When researching a family member, we rely on primary and secondary sources of information. Primary sources, such as marriage certificates, are usually the most reliable – but not always. When looking at my parents’ marriage certificate, I discovered that sometimes personal knowledge can be the most reliable source of all.
My father’s name was listed on his marriage certificate as the name he was known by, which wasn’t his birth name (he didn’t legally change his name until 13 years later when a new job required it). Additionally, his step-father was listed as his father on the certificate. Taken at face value, this could have complicated and slowed down any search for his birth (especially as mother’s aren’t listed on marriage certificates) and may have led to his step-father’s family being incorrectly added to the family tree.
Finding these errors on my parents’ marriage certificate has made me reassess one of my brick walls (although I think in that case it may be more of a hindrance than a help, time will tell).
The National Archives site at Kew is currently closed because of the Covid-19 restrictions in the UK. In response to this, to help of all us genealogists stuck at home, the Archive is giving free access to all its digital records for as long as the site remains closed.
The only restrictions are that you must register (which is free), you can only download 10 items at a time and no more than 50 items in 30 days.
I had no idea that my great grandfather, John Williams, had served in the army, in three different regiments between about 1917 and 1945. My dad never mentioned it, even though he was close to his grandfather, and I wonder whether he even knew. I’m writing this post hoping it will help me fill in the blanks.
I only found out that he had served in the Royal Welsh Fusiliers (TA) when I read my grandmother’s birth certificate, which shows her father’s occupation as ‘General Labourer (Private R.W.F.)’.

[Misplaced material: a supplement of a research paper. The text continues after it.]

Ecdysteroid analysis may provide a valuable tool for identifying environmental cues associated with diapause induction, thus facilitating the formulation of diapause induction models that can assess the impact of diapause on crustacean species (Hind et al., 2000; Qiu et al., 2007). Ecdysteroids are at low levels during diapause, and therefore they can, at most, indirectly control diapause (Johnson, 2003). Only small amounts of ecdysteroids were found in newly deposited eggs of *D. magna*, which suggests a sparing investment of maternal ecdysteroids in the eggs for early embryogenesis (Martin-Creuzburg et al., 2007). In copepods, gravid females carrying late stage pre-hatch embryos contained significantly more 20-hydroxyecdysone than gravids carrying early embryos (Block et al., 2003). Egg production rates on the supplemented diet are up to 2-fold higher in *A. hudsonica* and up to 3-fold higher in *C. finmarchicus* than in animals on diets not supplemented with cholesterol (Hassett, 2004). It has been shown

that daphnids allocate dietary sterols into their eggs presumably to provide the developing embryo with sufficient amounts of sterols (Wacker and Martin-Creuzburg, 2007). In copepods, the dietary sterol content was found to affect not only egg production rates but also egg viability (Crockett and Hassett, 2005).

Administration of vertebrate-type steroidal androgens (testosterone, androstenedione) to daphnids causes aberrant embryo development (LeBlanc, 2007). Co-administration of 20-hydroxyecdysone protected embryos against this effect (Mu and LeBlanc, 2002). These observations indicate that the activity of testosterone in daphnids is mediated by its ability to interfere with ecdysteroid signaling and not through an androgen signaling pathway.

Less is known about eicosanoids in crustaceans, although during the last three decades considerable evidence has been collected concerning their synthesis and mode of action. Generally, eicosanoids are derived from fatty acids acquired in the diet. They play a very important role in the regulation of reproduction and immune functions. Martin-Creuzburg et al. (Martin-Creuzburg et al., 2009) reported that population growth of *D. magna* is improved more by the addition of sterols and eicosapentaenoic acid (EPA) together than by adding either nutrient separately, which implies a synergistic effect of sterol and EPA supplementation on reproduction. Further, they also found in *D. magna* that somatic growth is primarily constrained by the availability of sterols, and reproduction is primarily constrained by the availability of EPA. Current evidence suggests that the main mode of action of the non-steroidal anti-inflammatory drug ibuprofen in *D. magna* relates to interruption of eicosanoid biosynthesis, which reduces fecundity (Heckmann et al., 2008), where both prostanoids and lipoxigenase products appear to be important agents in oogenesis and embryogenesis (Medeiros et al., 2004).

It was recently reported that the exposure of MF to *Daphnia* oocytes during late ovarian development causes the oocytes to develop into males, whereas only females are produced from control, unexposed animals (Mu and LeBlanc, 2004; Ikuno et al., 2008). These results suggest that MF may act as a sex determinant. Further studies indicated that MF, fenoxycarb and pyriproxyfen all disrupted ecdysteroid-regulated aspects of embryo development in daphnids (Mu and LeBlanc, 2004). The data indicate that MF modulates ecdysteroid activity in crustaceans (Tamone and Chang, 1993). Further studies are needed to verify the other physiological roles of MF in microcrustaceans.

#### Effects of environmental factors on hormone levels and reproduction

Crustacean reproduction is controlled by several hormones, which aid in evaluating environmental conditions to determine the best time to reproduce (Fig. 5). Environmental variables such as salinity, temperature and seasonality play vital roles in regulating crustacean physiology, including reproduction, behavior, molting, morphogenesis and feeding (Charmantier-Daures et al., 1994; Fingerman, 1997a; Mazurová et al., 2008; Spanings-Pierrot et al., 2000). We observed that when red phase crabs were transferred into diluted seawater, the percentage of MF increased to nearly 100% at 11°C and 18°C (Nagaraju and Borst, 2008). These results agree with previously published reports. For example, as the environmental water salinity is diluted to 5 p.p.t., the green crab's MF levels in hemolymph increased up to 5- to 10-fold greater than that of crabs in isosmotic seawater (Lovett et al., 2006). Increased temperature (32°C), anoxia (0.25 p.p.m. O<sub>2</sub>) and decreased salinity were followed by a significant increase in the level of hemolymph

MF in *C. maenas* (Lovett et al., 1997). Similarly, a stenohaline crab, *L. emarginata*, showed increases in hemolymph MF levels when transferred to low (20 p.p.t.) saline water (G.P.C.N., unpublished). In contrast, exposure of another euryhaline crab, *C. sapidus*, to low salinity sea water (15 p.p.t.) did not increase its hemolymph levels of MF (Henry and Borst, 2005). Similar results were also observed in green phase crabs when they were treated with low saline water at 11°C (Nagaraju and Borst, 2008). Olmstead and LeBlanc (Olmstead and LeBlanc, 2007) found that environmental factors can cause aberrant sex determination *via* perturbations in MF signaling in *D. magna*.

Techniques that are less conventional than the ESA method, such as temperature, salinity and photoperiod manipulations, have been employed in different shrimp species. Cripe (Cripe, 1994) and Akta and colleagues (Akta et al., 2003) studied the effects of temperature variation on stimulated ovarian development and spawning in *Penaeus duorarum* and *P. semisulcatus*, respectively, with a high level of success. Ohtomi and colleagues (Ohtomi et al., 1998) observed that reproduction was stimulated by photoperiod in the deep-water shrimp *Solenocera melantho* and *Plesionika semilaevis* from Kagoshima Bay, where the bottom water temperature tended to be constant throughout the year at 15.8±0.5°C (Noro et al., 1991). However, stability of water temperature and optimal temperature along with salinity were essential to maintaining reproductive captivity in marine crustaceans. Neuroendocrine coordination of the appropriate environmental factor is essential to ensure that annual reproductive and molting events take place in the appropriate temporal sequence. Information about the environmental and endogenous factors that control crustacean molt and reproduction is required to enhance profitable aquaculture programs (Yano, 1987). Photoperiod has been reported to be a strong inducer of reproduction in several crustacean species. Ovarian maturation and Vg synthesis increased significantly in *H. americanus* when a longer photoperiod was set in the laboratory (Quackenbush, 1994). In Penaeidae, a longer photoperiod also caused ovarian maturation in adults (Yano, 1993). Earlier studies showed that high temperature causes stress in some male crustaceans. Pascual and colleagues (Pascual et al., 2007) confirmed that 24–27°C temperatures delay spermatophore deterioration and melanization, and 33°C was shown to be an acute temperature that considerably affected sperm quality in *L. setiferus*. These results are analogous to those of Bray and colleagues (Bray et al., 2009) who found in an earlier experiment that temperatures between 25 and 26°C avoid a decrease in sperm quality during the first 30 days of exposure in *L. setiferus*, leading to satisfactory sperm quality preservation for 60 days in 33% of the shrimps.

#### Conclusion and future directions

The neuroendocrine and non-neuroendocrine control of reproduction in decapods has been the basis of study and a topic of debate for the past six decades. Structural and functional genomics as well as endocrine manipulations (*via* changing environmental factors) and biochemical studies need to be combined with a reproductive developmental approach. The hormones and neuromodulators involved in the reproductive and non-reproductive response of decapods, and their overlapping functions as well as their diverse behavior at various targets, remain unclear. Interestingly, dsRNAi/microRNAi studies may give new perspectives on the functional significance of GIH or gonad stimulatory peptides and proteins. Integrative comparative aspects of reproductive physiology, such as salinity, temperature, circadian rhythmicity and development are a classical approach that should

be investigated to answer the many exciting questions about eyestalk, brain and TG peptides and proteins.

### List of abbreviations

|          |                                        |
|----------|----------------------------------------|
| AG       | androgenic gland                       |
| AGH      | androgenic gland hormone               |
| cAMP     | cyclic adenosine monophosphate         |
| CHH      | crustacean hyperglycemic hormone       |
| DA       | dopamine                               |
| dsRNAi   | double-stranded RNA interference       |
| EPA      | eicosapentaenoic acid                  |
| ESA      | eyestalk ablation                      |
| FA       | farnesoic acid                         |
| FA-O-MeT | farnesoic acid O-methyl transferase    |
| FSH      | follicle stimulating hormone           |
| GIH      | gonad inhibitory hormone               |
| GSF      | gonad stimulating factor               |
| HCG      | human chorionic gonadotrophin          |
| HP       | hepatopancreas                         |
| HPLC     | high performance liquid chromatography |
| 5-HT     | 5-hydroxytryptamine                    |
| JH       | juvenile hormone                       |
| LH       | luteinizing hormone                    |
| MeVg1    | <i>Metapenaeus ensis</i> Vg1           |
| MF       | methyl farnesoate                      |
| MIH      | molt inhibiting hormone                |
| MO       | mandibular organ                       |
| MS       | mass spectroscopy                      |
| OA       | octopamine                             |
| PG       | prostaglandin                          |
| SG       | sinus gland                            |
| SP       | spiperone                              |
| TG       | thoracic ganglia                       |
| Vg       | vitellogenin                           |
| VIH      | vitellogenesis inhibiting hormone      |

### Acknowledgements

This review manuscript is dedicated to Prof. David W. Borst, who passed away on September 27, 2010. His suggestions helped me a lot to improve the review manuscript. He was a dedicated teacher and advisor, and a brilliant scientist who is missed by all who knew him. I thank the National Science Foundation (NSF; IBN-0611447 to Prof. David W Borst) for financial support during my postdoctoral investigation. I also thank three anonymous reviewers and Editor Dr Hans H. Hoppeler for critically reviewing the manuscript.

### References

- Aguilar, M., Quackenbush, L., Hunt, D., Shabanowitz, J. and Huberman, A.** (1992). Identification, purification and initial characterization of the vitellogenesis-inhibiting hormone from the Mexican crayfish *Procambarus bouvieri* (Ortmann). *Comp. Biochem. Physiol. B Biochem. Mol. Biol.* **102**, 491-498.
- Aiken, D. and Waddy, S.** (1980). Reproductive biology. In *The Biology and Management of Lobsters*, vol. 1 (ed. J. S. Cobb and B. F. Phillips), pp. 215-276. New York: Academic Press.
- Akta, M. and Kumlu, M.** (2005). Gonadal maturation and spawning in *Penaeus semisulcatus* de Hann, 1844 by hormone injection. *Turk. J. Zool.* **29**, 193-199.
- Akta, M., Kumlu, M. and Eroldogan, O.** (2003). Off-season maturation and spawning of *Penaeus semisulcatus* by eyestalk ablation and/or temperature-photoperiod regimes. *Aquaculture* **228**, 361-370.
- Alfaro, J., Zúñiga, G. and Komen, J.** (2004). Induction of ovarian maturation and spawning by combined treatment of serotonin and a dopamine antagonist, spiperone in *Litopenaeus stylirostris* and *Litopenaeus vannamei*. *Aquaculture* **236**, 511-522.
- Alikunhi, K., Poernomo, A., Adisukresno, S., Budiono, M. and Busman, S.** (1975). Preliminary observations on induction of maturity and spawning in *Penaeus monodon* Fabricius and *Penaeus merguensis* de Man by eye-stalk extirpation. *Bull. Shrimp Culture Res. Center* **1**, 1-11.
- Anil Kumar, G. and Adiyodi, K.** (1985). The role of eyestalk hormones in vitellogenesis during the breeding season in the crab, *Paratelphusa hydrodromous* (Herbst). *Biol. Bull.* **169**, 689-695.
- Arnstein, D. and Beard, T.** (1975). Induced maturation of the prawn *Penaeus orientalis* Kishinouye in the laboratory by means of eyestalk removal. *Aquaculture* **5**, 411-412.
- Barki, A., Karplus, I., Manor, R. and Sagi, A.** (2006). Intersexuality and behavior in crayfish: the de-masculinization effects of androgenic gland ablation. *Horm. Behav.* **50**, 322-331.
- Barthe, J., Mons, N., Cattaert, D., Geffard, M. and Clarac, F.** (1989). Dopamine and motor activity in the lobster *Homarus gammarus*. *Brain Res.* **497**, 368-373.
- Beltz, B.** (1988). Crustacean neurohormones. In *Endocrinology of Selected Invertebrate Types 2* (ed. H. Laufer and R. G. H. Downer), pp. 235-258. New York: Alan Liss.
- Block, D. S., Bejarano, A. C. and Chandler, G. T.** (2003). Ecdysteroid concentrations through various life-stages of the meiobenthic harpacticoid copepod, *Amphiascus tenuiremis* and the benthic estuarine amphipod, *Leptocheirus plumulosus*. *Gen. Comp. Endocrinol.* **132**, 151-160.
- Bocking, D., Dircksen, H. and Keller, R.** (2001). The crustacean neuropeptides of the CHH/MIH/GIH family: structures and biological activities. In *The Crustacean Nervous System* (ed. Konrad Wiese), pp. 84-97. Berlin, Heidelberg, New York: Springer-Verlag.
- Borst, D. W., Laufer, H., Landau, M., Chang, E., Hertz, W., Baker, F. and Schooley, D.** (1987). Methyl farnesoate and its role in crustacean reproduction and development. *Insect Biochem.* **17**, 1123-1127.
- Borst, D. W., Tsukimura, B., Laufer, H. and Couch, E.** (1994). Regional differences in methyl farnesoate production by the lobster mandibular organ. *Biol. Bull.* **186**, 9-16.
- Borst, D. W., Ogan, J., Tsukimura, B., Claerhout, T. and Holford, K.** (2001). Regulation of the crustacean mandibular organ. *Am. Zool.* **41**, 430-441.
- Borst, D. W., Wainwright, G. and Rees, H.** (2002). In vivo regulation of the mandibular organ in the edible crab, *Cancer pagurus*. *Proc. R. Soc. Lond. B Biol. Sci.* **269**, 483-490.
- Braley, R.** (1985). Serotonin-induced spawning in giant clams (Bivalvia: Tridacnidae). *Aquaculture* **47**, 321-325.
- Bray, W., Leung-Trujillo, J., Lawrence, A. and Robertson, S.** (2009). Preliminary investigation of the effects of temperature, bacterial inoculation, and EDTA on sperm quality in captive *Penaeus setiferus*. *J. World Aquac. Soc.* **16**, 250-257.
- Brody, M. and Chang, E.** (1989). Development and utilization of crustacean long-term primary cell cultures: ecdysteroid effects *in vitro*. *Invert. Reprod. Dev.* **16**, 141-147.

A search on Find My Past found that John had enlisted in The Royal Welsh Fusiliers (TA) on 8 July 1920 in Holyhead, Anglesey, his army number is listed as 4178620. The entry above John is for his brother-in-law, Joseph Henry Marshall (army number 4178619). A note at the end of John’s enlistment record stated he had previously been in the Welch Regiment (no. 85741) and had been discharged 2 months earlier on 8 May 1920. Sadly I haven’t been able to find any other information about John’s time in the Welch Regiment.
In 1931, John and his family moved from Holyhead to Fleetwood in Lancashire. He was discharged from the R.W.F. on the 31 December 1932, the reason given was “struck off strength” – meaning he was longer required. He was a lance corporal when he was discharged.
On the 8 June 1939, now living in Bolton, Lancashire, John re-enlisted, this time in The Loyal Regiment (North Lancashire) TA with the same army number as the R.W.F., 4178620.
In December 1939 his battalion was part of the 1st Infantry Brigade, attached to the 1st Infantry Division. They were sent to France as part of the British Expeditionary Force. In May 1940, they formed part of the rearguard for the evacuation of Dunkirk and were based in Bergues.
According to casualty records, John was reported missing in action in France in May 1940, along with 11 other members of the 1st Loyals. He was later reported no longer missing, no date for him no longer being missing is shown, just that he was on Casualty List number 273.
Sadly that’s all I know of John’s military service. It’s one of those situations that I wish I’d discovered earlier, when there people I could have asked, but I will keep searching for more information.
John divorced from my great grandmother in the late 1940s, but he remained close to her and the family and my dad lived with him in Wesham when he was a teenager. John died in Wesham Park Hospital in Lancashire in February 1966.
Dates and places
- May 1900 – Born in Holyhead.
- Between 1917 and 1920 – Joined the Welch Regiment. Service number 85741.
- 1920 – 8 May – Discharged from the Welch Regiment.
- 1920 – 8 July – Enlisted in the Royal Welsh Fusiliers (TA) in Holyhead. Army number 4178620.
- 1932 – 31 December – Discharged from the Royal Welsh Fusiliers. Reason given “Struck Off Strength”.
- 1939 – 8 June – Enlisted in the Loyal Regiment (North Lancashire) in Bolton. Army number 4178620.
- 1940 – May – While serving in the 1st Batallion of the Loyal Regiment, he as reported missing in France.